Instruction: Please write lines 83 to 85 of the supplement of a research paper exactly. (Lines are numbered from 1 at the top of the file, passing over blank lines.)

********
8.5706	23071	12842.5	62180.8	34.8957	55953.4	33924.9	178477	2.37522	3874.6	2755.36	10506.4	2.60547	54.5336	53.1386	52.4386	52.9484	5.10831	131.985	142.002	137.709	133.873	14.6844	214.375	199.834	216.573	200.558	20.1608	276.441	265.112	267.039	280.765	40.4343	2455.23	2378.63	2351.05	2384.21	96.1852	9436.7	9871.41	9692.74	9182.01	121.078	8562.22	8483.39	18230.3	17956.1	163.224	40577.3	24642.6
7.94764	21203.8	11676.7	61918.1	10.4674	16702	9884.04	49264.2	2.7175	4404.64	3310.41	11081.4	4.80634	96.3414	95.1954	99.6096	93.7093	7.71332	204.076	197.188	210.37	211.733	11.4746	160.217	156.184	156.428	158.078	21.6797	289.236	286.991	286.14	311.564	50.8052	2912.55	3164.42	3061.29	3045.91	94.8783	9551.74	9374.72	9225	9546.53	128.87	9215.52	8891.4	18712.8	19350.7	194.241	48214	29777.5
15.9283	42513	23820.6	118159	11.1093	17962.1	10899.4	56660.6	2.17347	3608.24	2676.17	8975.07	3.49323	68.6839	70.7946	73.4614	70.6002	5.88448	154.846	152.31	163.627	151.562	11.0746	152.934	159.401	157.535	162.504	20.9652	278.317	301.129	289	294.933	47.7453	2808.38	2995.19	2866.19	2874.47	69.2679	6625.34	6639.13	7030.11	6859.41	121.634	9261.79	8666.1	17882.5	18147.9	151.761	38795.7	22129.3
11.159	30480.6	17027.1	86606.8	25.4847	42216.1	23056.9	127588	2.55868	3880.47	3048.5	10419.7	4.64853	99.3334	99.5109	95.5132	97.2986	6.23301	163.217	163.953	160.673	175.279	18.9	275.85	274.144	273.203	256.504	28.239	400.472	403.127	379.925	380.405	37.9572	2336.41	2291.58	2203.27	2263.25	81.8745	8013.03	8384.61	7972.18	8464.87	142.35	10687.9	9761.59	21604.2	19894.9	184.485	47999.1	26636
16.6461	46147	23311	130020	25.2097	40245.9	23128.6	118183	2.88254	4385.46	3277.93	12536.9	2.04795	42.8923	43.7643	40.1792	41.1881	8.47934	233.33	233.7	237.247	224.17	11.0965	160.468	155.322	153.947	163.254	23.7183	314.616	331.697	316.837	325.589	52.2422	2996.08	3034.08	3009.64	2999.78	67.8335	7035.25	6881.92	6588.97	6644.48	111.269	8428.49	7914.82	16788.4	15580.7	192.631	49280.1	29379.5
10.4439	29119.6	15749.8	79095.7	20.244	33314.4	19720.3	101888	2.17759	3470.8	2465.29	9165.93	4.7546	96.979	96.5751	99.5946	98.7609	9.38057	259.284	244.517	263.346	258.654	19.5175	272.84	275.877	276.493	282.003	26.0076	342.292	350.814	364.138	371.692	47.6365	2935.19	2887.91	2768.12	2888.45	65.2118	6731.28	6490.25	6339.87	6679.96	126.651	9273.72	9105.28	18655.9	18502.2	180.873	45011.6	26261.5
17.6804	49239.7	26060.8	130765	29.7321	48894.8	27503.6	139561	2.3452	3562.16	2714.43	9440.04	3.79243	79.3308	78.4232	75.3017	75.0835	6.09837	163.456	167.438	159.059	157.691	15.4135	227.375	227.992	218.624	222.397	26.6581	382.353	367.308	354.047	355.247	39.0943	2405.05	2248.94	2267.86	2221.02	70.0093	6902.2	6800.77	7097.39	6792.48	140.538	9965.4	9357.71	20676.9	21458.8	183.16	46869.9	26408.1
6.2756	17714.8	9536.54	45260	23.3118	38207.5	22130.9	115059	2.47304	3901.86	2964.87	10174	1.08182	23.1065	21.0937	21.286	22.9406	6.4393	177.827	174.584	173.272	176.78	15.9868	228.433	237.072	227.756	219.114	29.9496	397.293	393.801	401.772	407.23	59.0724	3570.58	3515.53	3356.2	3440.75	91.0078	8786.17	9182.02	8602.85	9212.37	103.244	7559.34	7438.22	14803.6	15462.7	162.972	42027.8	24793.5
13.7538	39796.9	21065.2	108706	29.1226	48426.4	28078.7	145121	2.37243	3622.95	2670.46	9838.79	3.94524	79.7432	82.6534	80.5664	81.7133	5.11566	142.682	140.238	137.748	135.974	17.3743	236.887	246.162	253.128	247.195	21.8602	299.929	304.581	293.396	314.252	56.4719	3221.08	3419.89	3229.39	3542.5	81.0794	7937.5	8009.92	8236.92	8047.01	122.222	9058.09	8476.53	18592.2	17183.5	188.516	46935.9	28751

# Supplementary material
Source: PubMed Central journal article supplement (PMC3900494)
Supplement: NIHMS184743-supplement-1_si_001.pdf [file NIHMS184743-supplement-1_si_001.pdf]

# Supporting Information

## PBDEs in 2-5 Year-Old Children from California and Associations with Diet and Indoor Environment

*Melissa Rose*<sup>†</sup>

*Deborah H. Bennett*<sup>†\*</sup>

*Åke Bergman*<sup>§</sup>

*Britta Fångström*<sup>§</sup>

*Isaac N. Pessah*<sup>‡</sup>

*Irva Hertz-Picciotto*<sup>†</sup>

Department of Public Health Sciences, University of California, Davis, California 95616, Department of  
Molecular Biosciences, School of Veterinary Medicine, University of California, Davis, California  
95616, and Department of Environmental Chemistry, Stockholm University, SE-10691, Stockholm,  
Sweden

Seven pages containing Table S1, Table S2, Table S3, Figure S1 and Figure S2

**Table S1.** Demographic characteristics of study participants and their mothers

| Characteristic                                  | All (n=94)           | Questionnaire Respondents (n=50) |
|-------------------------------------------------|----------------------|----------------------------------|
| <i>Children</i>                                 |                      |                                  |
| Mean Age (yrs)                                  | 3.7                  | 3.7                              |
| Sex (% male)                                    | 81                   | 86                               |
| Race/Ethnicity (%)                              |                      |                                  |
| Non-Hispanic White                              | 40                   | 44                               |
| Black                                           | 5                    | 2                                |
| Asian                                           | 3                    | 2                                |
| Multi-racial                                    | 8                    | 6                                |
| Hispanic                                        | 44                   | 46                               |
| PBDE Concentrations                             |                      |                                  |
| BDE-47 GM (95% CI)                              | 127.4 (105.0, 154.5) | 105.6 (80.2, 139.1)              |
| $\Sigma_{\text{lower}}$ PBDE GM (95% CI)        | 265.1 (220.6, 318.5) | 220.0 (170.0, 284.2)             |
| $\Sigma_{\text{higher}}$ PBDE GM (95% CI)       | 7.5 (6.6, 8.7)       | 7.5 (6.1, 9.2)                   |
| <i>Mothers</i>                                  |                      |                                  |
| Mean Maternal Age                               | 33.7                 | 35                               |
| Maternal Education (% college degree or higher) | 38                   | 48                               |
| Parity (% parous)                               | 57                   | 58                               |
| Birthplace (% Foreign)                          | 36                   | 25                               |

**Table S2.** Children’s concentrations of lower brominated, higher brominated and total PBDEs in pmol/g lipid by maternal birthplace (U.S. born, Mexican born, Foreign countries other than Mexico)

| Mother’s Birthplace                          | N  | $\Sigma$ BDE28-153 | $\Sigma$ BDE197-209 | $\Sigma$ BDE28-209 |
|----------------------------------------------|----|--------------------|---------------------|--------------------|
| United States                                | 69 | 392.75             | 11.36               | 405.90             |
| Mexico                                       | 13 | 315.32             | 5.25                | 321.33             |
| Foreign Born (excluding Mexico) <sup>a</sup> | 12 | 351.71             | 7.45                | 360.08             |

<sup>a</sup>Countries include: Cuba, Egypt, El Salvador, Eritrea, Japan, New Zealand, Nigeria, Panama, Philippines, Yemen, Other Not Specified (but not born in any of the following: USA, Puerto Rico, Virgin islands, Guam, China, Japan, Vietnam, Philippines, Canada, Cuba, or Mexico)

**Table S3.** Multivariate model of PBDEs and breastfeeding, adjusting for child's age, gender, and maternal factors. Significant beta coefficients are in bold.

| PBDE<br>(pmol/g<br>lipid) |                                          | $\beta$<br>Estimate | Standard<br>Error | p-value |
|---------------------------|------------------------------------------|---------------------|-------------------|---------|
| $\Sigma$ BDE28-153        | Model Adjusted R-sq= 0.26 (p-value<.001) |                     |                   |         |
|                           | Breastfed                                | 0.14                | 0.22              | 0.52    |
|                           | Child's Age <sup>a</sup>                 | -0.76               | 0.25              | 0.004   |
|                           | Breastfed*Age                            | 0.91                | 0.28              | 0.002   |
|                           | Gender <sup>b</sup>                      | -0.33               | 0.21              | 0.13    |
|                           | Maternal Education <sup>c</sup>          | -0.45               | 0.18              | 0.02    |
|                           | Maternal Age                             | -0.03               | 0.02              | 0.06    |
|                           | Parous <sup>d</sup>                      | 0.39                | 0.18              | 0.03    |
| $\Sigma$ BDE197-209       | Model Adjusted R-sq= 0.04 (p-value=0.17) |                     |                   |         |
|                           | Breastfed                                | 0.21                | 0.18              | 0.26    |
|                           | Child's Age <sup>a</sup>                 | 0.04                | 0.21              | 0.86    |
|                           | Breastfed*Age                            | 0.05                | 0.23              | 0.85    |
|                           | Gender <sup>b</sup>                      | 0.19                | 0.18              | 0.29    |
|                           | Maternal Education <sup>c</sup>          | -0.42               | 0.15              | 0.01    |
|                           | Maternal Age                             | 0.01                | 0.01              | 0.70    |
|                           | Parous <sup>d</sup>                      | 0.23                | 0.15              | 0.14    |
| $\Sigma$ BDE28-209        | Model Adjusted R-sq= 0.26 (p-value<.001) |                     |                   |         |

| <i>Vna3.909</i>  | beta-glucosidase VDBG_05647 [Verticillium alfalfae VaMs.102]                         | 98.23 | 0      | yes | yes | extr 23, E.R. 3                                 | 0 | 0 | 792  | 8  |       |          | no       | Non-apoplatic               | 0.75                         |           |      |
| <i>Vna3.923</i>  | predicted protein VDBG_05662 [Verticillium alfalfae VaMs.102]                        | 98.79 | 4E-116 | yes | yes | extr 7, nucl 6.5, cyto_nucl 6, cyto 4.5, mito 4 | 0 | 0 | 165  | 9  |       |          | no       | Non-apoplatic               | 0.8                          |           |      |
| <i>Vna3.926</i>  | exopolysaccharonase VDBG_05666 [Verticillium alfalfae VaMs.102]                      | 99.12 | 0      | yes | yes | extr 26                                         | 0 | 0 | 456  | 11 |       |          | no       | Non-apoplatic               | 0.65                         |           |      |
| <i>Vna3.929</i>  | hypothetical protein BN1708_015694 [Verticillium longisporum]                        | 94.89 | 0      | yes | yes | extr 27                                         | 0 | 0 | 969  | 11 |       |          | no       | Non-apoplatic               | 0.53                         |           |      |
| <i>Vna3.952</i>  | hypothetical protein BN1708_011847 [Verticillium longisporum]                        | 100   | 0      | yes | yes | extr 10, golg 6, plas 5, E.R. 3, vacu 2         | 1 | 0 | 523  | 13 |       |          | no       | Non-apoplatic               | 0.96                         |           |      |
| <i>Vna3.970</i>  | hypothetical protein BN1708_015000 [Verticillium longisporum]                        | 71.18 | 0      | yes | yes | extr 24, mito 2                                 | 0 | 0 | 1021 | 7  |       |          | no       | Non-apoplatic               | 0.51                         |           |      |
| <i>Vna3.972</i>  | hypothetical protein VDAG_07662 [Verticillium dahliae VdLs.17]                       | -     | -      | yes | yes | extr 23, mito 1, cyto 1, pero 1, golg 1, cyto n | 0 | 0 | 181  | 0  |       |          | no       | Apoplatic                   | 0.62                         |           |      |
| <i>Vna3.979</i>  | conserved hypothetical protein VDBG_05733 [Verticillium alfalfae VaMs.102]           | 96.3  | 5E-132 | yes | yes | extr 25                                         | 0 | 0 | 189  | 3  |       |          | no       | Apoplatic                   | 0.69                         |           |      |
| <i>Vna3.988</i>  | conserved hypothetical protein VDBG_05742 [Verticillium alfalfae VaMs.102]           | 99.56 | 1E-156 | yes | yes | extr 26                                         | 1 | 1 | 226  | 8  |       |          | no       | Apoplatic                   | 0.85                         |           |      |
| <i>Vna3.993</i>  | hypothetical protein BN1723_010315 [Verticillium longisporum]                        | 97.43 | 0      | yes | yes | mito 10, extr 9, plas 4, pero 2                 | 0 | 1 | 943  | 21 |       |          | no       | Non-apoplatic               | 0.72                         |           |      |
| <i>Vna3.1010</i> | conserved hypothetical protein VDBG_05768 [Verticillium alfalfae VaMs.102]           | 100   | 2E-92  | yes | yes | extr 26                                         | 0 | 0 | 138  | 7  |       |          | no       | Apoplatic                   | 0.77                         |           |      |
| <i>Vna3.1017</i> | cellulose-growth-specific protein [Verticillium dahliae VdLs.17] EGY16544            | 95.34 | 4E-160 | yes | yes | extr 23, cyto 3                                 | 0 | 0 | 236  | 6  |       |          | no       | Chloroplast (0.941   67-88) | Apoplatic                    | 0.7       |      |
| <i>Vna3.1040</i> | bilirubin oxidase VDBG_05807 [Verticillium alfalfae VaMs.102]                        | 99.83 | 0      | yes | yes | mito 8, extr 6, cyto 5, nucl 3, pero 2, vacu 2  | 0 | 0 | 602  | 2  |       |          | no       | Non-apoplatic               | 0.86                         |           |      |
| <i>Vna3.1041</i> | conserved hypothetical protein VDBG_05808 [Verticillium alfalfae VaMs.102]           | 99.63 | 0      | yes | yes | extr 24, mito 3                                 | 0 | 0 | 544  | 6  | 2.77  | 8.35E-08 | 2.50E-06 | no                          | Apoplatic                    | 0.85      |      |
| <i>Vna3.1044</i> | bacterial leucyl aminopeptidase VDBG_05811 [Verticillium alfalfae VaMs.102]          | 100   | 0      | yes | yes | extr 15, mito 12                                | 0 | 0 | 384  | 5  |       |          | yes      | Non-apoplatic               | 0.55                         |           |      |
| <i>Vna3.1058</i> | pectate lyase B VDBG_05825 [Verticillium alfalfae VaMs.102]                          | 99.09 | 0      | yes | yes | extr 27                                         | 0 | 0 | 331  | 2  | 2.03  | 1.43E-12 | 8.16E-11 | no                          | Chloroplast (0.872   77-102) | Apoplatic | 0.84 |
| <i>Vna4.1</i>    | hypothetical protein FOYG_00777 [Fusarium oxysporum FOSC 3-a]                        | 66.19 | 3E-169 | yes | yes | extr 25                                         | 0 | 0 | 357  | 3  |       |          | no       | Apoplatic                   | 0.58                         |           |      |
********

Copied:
| <i>Vna3.993</i>  | hypothetical protein BN1723_010315 [Verticillium longisporum]                        | 97.43 | 0      | yes | yes | mito 10, extr 9, plas 4, pero 2                 | 0 | 1 | 943  | 21 |       |          | no       | Non-apoplatic               | 0.72                         |           |      |
| <i>Vna3.1010</i> | conserved hypothetical protein VDBG_05768 [Verticillium alfalfae VaMs.102]           | 100   | 2E-92  | yes | yes | extr 26                                         | 0 | 0 | 138  | 7  |       |          | no       | Apoplatic                   | 0.77                         |           |      |
| <i>Vna3.1017</i> | cellulose-growth-specific protein [Verticillium dahliae VdLs.17] EGY16544            | 95.34 | 4E-160 | yes | yes | extr 23, cyto 3                                 | 0 | 0 | 236  | 6  |       |          | no       | Chloroplast (0.941   67-88) | Apoplatic                    | 0.7       |      |